The increasing convergence of human and technological options is also evident in how Americans say they want their money managed. A 56% majority of Americans say they want their finances handled by a mix of people, robo-advisors and other technological tools. Another 36% of Americans say they want their finances handled entirely by people. Only 8% of Americans say they want their finances handled entirely by robo-advisors and other technological tools.

Importantly, all three of these statistics hold up across demographic lines, with no statistically significant differences in opinion between Americans with and without human advisors, robo-advisor users versus nonusers or men versus women. There are small differences between age groups, with 18-29 year-olds slightly more likely (17%) to say they want their finances handled entirely through digital means. Still, 84% of 18-29 year-olds say their finances should be handled by either a mix of human and digital means, or entirely by people. Similar findings were also reported by a 2022 Vanguard study.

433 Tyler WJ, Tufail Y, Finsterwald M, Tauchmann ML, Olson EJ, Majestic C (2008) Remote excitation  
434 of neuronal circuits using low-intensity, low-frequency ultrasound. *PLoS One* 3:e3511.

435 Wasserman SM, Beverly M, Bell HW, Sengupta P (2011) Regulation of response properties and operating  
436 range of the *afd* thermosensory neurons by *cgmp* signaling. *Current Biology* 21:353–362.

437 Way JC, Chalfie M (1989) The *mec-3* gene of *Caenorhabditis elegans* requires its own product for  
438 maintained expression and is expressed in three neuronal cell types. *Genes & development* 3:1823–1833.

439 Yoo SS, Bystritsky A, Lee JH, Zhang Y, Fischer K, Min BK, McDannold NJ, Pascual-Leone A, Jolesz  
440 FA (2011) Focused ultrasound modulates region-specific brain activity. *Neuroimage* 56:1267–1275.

Benefits and Concerns: Human Advisors

A key driver behind Americans wanting both human and technological oversight of their finances is that they see human and robo-advisors having complementary strengths and weaknesses. In the eyes of the American public, human and robo-advisors have the potential, at least, to bring unique assets to the table and make up for each other’s possible shortcomings.